Diluted by Jaime Balboa

Large kitchen with 2 large windows
Kitchen–Petworth House by KotomiCreations (flickr.com). CC license.

I hate the scent of imitation lemon in dish soap. It’s too concentrated to be authentic. But the scent will lose potency once I dilute it in water. That’s always the trick. Dilute what’s unpleasant. Dilute what hurts you, what keeps you up at night and, even though it’s still there, you can bear it, even accept it. The pyramid of dishes starts with a foundation from yesterday and leads, like an archeological excavation of dried food bits, through memories of breakfast and lunch to the dinner we just ate. Dirty mugs and glasses clutter the counter. Meals that should have been for three are instead for two: just Aileen and me. Laurel is away on her eleventh trip this year.

Through the window, I see the neighbor kids, Elliot and the one whose name I never remember, race their bikes up and down the sidewalk as the suds gather in the sink. They’ll probably ring the doorbell in a few minutes to ask if Aileen can play.

“Sweetheart, is your homework done?”

“Almost, Daddy.”

“You can play with Elliot and his friend when you finish.”

A musty scent hits me when I pick up yesterday’s tea mug. The mug is a souvenir from our trip to Ireland.

Saint John’s Wort treats depression, Dr. Shaminsky says. The pills and tea do the same thing, but I prefer the tea. Saint John’s Wort is to Paxil what aspirin is to Codeine, Dr. Shaminsky says. That rings true to me, mostly. Actually, Saint John’s Wort treats the symptoms of depression. It dilutes them. Sadness and melancholy. Irritability. Feeling stuck, hopeless. I usually like to sip my tea after Aileen is tucked in bed. That way, I can sleep off any cobwebs that sometimes come with it. I dump the used teabag into the compost bin and plunk the mug under the sudsy water. It’s from our trip to Dublin all those summers ago, before Aileen, before running.

Elliot and his friend ditch their bikes on the lawn and run up the driveway toward our house. They run at a sprint, laughing. Laurel is a runner, too. She flew to Colorado to run a 50k ultra race. Her running group friends are racing, too: Charles, Esteban, Sarah, and Cici. This much she’ll tell me and social media will confirm. She won’t tell me that Derek is also on the trip. She never tells me that, but I still know. I can always tell. I like Esteban but can’t figure out if he knows about Laurel and Derek.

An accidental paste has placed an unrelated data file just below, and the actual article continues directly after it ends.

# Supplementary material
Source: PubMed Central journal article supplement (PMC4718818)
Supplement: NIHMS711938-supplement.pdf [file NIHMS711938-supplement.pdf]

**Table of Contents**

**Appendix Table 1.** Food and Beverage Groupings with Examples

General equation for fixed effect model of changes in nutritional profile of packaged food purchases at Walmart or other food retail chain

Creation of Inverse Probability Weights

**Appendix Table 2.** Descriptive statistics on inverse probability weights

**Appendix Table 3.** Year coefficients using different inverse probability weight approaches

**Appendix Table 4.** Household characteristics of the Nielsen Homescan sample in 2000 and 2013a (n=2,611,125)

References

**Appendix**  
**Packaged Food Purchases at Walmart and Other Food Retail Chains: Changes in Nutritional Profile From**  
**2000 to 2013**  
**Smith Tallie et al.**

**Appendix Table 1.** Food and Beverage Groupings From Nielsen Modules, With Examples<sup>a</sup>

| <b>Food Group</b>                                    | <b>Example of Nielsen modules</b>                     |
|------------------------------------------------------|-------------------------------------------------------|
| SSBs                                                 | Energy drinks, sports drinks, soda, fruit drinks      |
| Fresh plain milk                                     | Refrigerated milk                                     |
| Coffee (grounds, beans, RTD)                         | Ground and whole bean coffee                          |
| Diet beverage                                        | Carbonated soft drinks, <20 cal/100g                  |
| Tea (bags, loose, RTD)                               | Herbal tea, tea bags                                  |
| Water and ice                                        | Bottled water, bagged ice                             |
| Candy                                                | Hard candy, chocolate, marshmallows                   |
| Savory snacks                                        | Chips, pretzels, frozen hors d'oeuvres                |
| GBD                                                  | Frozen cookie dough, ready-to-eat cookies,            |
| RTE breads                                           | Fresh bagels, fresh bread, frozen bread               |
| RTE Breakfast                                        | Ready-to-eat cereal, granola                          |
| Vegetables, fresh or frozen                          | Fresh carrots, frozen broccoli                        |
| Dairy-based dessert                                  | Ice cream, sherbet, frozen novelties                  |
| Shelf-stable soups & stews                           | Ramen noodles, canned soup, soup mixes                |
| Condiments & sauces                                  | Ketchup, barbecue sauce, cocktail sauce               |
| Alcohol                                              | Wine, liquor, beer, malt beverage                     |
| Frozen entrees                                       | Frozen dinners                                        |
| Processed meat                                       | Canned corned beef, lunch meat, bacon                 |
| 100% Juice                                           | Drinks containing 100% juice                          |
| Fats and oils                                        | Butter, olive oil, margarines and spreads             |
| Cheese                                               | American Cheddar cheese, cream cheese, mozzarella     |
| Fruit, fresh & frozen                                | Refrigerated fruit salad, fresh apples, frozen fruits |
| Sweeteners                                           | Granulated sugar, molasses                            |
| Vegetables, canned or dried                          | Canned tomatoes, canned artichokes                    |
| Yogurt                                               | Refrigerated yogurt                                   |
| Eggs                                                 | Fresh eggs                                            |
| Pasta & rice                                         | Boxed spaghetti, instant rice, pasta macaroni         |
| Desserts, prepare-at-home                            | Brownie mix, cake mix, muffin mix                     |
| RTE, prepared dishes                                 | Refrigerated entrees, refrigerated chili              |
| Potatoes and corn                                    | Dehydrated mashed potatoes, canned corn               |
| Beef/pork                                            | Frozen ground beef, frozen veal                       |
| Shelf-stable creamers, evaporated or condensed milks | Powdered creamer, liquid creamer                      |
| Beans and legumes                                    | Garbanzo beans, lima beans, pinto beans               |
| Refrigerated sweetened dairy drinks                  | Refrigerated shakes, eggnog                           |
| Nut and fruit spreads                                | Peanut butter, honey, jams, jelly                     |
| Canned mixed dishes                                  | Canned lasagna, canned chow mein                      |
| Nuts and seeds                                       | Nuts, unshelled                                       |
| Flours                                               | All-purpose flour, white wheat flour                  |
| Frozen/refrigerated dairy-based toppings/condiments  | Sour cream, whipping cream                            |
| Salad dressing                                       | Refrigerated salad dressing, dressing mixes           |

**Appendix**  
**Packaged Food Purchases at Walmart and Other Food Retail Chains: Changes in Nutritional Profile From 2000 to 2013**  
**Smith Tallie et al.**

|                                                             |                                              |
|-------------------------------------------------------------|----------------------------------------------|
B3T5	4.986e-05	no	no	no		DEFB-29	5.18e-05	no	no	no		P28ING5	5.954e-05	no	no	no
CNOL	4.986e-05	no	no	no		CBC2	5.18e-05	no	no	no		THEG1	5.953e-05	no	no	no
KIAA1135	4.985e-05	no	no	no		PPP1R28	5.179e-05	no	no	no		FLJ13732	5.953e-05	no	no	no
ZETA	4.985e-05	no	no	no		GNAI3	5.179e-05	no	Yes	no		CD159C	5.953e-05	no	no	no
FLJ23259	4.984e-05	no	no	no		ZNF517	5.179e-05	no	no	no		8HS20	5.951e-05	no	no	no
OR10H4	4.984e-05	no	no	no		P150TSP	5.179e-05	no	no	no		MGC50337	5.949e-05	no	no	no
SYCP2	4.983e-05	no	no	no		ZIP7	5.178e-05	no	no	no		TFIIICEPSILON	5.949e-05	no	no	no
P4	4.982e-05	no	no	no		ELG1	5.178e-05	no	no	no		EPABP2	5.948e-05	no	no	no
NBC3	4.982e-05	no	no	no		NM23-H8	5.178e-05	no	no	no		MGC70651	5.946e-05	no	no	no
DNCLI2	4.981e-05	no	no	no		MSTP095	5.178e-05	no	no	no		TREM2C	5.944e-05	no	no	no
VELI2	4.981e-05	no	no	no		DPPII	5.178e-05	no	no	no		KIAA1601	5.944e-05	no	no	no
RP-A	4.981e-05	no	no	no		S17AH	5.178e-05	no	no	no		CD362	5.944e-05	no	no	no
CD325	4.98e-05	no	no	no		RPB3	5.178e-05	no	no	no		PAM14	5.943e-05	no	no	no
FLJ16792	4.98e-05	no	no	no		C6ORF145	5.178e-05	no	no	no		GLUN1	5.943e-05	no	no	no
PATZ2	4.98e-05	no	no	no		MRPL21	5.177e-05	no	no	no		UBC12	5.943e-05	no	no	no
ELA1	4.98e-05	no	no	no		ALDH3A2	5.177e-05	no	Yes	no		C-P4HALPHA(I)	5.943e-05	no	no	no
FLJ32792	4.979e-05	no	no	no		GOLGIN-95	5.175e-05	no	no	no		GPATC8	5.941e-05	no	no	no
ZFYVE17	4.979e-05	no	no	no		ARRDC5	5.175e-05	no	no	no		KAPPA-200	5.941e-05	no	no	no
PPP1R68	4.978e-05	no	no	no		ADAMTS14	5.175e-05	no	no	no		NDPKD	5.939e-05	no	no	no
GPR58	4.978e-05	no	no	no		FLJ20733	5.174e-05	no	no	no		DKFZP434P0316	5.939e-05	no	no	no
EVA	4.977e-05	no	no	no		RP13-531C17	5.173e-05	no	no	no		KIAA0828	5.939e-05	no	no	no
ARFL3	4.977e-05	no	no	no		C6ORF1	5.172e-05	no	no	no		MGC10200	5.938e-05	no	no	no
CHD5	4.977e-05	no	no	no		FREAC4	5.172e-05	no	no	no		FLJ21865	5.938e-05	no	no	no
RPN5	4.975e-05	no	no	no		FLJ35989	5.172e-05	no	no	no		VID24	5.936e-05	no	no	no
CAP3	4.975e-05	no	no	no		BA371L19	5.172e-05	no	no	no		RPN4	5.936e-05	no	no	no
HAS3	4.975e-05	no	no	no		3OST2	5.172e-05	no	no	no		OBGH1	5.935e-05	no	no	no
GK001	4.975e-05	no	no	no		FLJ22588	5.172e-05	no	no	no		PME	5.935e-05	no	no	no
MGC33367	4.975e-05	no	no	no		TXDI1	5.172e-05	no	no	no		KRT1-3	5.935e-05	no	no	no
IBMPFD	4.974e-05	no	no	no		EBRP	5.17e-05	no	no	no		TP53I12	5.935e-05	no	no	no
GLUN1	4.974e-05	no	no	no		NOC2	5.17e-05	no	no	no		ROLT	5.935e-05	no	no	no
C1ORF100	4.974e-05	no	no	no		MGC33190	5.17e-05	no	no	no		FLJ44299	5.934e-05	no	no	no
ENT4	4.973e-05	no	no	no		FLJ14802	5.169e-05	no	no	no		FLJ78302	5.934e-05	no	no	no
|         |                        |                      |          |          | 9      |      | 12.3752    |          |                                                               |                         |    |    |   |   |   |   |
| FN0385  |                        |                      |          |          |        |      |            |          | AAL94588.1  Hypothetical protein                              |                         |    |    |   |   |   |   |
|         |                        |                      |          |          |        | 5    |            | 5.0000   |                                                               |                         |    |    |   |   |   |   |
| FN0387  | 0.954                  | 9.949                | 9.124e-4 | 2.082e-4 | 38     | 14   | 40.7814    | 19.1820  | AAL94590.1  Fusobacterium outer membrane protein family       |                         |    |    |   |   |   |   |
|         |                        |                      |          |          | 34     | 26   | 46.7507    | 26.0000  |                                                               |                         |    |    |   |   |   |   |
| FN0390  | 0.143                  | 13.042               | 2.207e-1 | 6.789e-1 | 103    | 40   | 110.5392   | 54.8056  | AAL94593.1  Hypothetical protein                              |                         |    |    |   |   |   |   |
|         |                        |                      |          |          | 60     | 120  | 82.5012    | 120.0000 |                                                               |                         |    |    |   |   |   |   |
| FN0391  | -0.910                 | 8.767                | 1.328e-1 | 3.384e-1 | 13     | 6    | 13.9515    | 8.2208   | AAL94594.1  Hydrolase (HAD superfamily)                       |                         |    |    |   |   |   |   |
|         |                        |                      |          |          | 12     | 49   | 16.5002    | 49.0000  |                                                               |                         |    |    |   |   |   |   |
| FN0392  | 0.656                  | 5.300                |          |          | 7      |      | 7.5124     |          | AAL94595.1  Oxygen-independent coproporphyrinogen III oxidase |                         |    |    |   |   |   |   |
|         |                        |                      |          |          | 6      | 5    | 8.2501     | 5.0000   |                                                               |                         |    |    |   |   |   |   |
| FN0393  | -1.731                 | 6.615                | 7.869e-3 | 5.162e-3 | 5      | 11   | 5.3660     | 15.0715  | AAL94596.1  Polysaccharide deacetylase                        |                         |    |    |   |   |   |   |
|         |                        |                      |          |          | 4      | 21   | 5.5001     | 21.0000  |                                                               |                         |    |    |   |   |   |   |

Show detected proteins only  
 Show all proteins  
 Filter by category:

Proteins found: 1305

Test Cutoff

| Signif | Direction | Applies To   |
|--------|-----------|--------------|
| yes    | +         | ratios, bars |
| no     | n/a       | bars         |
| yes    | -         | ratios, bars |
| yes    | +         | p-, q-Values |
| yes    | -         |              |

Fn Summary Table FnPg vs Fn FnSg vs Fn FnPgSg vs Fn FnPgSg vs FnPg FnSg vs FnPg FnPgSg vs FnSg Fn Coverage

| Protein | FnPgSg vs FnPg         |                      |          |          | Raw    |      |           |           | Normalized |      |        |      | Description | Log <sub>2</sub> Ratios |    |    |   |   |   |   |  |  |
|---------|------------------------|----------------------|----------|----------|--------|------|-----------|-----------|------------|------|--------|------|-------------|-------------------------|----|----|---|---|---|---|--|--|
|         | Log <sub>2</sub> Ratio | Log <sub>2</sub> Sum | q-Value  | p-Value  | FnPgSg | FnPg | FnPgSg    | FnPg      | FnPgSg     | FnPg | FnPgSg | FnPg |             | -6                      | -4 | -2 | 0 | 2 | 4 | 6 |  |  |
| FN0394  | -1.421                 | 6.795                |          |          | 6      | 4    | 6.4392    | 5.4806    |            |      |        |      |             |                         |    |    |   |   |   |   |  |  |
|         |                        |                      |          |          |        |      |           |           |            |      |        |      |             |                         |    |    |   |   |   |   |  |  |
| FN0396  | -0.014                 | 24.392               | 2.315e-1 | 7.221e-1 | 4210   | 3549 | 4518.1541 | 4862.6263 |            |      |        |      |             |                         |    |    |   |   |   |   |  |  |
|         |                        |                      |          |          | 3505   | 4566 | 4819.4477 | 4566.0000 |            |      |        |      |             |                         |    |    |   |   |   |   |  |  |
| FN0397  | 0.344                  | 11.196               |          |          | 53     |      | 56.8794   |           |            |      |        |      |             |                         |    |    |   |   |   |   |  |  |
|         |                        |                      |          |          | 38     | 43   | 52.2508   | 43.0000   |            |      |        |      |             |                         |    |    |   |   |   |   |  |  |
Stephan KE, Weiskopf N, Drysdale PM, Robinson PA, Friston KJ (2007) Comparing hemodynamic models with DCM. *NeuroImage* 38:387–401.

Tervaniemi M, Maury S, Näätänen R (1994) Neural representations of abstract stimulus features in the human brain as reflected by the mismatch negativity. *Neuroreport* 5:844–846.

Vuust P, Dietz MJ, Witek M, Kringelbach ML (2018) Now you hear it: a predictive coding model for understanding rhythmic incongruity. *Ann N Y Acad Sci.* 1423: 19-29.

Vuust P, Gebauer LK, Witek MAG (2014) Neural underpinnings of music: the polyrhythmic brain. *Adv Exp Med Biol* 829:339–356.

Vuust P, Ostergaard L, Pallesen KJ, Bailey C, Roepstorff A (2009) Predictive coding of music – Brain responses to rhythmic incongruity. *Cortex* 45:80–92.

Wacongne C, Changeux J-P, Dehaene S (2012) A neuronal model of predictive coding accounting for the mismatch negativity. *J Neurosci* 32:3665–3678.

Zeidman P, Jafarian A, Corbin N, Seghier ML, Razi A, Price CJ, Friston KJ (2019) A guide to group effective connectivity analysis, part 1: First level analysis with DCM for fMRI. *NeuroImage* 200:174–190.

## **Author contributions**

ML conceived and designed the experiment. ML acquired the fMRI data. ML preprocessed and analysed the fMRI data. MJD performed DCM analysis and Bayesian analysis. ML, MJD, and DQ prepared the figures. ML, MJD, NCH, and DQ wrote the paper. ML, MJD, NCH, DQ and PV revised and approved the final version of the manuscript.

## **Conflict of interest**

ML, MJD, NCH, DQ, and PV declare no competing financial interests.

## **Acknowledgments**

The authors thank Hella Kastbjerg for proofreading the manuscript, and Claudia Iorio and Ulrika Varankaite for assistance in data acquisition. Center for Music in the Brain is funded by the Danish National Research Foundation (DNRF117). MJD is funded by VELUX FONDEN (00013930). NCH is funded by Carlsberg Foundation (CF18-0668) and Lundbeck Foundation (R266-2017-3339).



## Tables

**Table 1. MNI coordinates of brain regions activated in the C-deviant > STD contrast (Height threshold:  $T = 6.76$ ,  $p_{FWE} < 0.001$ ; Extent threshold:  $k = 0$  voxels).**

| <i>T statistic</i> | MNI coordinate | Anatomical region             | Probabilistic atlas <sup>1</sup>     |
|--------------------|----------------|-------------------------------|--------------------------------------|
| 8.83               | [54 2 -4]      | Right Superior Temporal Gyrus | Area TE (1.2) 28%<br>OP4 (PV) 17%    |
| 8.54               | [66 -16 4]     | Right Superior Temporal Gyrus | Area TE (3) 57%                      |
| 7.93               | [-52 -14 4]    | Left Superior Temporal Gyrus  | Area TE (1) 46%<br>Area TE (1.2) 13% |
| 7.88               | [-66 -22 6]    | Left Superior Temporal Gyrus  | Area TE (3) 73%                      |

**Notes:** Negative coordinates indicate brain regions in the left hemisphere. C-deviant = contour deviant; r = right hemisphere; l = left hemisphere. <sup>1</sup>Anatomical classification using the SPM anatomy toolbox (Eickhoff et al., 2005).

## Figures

I feel powerless to say anything, though. I just can’t. And St. John’s Wort won’t fix that.

“Elliot’s here,” I yell. Aileen stomps her way to the front door. Their young voices exchange critical information. Challenge: a bike race. Aileen says she’ll be out soon.

Mug from Dublin clean and dried, I plop in a bag of Saint John’s Wort tea, drizzle it with honey, and fill the mug with hot tap water. Thirty seconds in the microwave and it’ll just need to steep a bit. Be proactive, Dr. Shaminksy says. Don’t wait until things get too far. Don’t wait until the sadness in your chest expands to engulf your whole body, claiming all of you, pulling you into the thick, foggy darkness. Drink the tea. There are no adverse side effects.

“I’m finished, Daddy,” Aileen says, handing me her homework.

“Fourth sentence,” I say. “What should the punctuation be at the end of that sentence?” My finger traces the sentence as Aileen’s eyes follow.

“Oh, yeah,” she says, placing a question mark where it should be. “Can I go outside now?”

“Stay off the street,” I say, stooping down to kiss her forehead. “I love you, kiddo.”

“I love you too, Daddy.”

Through the kitchen window I watch Aileen don her helmet and mount up. She’s speedy on her bike. Quick legs will make quick work of the race course.

My phone chirps. “New PR! Exhausted. Heading out to dinner with crew. Will call before bed. XO. Love you.” A text from Laurel. Not surprisingly, she’s set another personal record. Also, not surprisingly, she won’t call before bed.

“Congrats. Love you too,” I reply. “Let’s work on us,” I type, but delete.

I walk out on the front porch, letting the water drain, taking the fake, lemon-scented detergent with it. Dublin mug in hand, the stoop is the perfect perch for watching Aileen race her bike. I sip my tea and inhale its musty fragrance. My fingers clench the mug like a lifeline, like a tether guiding me out of a swampy pool in the dead of winter. I drink my tea. It needs more honey like that goddamn fake lemon-scented detergent needs more water, but I drink it anyway.

Lemons in white sink
Lemons by Alexi Kostibas. CC license.

Jaime Balboa
Jaime Balboa holds a BA in English and Writing from Adrian College. His fiction has appeared in The Timberline Review, Flash Fiction Magazine, Chaleur Magazine, and Lunch Ticket. An open water swimmer, many of his stories come to him in the waters of the Pacific. He lives in Los Angeles with his partner and their son. Follow him on twitter: @jaimerb.

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